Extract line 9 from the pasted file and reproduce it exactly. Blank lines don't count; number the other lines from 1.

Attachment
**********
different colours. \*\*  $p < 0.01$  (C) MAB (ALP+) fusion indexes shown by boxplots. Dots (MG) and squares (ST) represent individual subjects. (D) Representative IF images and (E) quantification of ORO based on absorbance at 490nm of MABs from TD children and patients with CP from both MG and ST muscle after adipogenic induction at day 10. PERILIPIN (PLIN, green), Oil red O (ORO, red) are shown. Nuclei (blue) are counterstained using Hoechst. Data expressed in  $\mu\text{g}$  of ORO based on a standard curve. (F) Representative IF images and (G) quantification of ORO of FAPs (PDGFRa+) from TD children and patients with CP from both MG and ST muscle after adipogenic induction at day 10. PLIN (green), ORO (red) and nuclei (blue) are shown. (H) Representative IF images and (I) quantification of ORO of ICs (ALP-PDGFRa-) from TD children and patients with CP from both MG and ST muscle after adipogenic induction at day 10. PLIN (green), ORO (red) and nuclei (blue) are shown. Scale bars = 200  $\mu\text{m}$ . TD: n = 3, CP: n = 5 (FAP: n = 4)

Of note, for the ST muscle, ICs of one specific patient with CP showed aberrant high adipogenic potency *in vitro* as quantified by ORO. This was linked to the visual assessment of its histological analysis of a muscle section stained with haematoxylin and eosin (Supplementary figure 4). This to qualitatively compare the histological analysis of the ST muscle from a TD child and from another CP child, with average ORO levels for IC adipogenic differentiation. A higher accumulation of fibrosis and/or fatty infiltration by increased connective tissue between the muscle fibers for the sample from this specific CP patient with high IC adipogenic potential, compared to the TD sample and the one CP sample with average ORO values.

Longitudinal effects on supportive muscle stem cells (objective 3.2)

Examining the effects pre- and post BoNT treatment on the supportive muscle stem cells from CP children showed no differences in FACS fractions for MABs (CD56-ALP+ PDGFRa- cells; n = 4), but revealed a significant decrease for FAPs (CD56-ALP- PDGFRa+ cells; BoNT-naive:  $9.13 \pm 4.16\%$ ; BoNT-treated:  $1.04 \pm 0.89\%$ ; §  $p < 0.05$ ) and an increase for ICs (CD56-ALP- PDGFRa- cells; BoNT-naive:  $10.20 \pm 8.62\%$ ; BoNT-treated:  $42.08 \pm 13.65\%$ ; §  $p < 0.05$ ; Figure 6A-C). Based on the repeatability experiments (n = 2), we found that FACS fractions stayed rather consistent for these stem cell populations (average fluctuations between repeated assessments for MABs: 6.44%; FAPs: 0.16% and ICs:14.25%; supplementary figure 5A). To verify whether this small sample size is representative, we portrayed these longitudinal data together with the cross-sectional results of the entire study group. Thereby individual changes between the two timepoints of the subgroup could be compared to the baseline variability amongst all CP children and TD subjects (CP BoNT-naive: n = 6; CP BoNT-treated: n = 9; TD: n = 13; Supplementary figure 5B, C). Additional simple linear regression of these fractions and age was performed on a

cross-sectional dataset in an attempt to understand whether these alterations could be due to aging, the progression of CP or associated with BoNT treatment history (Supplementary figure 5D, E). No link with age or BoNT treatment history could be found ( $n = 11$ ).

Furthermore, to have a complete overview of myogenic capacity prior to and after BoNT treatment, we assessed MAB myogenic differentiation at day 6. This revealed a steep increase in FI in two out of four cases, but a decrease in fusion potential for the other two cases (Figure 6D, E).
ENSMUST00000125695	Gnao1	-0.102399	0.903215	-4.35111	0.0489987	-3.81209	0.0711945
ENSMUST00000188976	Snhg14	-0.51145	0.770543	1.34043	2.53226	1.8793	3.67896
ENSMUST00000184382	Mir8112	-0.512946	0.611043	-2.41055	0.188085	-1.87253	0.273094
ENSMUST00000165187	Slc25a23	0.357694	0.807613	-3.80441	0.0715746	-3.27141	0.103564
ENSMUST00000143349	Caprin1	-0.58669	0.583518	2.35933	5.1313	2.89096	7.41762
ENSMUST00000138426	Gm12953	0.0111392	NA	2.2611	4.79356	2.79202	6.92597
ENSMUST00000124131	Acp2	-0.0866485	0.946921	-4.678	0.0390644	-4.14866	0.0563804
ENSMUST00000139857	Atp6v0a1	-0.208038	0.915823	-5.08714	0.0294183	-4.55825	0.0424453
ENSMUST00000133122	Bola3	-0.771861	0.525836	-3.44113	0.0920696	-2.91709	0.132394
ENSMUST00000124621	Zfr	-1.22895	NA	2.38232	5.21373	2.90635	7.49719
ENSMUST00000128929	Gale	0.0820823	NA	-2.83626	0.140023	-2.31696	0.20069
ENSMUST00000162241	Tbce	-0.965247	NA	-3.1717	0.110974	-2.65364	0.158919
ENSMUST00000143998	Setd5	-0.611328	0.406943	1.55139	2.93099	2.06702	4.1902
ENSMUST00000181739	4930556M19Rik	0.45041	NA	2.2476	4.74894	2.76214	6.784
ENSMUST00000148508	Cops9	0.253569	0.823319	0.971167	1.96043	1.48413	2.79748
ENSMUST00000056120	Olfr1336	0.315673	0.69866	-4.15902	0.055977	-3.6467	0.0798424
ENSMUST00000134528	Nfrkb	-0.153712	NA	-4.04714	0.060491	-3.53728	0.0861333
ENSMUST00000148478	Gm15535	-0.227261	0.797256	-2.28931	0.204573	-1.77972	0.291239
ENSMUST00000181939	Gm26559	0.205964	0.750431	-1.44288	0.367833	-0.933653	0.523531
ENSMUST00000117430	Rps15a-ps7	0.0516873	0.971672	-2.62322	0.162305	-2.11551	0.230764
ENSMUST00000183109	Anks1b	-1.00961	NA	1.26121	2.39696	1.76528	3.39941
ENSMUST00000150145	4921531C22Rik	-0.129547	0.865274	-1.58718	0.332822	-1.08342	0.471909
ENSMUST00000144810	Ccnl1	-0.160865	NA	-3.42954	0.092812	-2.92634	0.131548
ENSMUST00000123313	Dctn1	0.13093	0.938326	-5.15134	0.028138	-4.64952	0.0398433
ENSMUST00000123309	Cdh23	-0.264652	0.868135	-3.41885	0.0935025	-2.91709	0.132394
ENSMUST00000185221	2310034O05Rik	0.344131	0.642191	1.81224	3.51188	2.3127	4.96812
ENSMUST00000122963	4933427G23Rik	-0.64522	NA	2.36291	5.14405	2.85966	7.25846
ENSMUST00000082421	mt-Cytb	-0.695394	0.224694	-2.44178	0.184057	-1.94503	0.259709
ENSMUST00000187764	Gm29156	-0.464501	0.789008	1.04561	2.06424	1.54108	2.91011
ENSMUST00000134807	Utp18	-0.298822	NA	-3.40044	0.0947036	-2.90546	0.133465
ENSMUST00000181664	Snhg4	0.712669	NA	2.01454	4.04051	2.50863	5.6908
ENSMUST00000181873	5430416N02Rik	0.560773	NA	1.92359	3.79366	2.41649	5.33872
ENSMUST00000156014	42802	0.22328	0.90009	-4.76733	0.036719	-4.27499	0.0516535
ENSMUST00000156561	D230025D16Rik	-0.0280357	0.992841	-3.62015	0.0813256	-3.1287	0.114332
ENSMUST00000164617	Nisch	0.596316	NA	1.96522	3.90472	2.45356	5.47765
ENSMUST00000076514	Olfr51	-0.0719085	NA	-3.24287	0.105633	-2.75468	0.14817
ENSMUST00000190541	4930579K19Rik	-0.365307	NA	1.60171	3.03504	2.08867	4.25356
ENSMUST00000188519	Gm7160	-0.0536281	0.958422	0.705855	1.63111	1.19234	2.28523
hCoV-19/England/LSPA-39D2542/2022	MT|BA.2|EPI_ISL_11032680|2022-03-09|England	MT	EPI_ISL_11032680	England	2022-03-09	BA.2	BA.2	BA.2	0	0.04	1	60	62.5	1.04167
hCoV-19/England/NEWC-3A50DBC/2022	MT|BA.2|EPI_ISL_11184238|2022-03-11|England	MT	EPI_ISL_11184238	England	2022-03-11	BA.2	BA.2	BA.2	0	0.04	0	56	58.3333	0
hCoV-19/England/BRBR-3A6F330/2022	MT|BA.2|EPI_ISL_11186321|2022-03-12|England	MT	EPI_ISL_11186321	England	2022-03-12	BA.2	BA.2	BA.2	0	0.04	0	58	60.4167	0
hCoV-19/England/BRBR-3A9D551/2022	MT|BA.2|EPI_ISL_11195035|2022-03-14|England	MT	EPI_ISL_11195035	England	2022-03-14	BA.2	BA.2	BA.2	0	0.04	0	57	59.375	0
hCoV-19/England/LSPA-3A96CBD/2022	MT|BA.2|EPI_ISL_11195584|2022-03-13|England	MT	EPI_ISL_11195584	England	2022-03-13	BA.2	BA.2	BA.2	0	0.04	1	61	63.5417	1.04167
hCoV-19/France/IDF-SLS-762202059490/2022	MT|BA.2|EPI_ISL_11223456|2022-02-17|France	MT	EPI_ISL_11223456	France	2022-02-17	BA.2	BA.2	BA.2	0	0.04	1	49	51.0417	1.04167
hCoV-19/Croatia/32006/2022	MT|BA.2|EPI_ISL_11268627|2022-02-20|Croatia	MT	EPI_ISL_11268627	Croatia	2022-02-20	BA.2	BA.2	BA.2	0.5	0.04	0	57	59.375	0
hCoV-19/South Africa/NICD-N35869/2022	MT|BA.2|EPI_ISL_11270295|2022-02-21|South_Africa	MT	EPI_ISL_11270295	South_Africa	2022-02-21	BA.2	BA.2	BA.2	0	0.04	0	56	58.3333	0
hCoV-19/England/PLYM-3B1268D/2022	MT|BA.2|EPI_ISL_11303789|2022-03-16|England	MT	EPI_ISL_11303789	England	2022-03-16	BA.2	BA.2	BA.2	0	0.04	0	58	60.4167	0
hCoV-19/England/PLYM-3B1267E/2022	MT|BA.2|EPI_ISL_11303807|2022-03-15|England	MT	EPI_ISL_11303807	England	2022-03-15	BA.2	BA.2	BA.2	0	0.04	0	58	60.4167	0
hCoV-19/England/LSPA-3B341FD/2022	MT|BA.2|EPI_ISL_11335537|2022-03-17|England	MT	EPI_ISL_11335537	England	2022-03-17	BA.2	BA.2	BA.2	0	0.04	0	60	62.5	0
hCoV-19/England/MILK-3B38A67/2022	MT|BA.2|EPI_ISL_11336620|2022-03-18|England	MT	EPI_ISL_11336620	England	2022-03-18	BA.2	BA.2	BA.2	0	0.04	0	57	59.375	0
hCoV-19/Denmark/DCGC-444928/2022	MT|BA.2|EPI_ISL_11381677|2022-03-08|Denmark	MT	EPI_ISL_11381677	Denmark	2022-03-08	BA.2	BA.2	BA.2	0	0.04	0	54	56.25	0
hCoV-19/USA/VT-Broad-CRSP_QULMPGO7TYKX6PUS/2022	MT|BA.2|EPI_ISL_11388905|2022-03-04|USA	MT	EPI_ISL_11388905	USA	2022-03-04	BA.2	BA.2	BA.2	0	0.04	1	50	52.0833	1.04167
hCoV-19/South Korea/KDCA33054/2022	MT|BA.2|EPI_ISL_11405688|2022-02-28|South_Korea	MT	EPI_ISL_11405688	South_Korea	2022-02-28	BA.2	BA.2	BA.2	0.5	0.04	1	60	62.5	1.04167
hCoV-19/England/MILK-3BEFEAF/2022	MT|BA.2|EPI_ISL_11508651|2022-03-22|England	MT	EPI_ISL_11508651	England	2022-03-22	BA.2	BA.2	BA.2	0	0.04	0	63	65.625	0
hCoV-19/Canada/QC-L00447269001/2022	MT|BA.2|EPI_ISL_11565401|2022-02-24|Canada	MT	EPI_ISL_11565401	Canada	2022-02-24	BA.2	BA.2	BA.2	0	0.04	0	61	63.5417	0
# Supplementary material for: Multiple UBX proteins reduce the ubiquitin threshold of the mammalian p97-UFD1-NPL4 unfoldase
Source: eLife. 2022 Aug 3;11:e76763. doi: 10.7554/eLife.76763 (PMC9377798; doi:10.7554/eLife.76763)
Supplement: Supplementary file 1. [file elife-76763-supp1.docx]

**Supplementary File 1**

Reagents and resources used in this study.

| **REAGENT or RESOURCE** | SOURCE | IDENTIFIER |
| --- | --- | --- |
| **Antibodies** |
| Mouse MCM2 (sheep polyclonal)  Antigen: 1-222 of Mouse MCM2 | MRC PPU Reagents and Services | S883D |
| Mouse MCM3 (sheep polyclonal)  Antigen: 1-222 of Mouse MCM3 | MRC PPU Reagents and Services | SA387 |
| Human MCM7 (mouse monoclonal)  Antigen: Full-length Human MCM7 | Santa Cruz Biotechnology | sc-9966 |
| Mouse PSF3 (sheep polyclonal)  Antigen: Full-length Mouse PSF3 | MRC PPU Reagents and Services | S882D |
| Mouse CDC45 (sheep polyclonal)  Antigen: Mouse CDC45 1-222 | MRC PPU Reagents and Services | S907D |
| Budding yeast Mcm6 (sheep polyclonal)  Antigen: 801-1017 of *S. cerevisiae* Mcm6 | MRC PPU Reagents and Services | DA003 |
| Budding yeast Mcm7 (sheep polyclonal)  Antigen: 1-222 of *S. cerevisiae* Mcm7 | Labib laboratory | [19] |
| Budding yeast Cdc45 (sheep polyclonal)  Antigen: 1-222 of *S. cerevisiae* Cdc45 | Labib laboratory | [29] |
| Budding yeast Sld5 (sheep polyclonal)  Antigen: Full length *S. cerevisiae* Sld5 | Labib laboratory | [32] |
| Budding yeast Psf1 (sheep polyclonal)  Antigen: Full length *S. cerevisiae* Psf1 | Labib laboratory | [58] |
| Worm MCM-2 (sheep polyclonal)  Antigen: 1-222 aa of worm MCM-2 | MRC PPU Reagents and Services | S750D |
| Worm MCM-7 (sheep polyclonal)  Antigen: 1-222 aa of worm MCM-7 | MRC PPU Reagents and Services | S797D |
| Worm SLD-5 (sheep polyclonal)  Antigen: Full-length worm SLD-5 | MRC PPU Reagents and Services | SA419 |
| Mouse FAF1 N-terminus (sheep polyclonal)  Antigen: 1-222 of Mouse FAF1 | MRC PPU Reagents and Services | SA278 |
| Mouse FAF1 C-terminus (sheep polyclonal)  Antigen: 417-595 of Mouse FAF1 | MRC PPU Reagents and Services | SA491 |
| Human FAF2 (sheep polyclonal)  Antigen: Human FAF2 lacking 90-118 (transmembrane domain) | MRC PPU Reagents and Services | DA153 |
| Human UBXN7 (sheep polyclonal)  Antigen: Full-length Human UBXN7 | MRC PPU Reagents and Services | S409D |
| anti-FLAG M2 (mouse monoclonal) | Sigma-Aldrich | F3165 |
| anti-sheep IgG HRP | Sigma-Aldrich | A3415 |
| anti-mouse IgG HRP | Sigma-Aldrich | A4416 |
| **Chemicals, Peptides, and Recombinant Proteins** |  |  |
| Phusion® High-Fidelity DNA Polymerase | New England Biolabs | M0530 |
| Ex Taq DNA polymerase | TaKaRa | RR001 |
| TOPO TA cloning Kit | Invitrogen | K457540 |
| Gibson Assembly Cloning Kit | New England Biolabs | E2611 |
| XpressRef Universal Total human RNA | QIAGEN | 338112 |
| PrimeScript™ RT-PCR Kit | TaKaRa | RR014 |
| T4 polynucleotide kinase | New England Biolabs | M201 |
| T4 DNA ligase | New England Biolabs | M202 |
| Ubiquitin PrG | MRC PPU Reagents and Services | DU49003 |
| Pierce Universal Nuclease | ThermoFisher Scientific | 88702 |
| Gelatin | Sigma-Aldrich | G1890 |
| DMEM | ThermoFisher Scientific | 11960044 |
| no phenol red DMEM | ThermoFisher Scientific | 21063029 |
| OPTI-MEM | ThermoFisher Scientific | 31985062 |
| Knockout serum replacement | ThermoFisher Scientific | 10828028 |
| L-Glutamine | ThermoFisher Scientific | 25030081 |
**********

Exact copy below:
ENSMUST00000184382	Mir8112	-0.512946	0.611043	-2.41055	0.188085	-1.87253	0.273094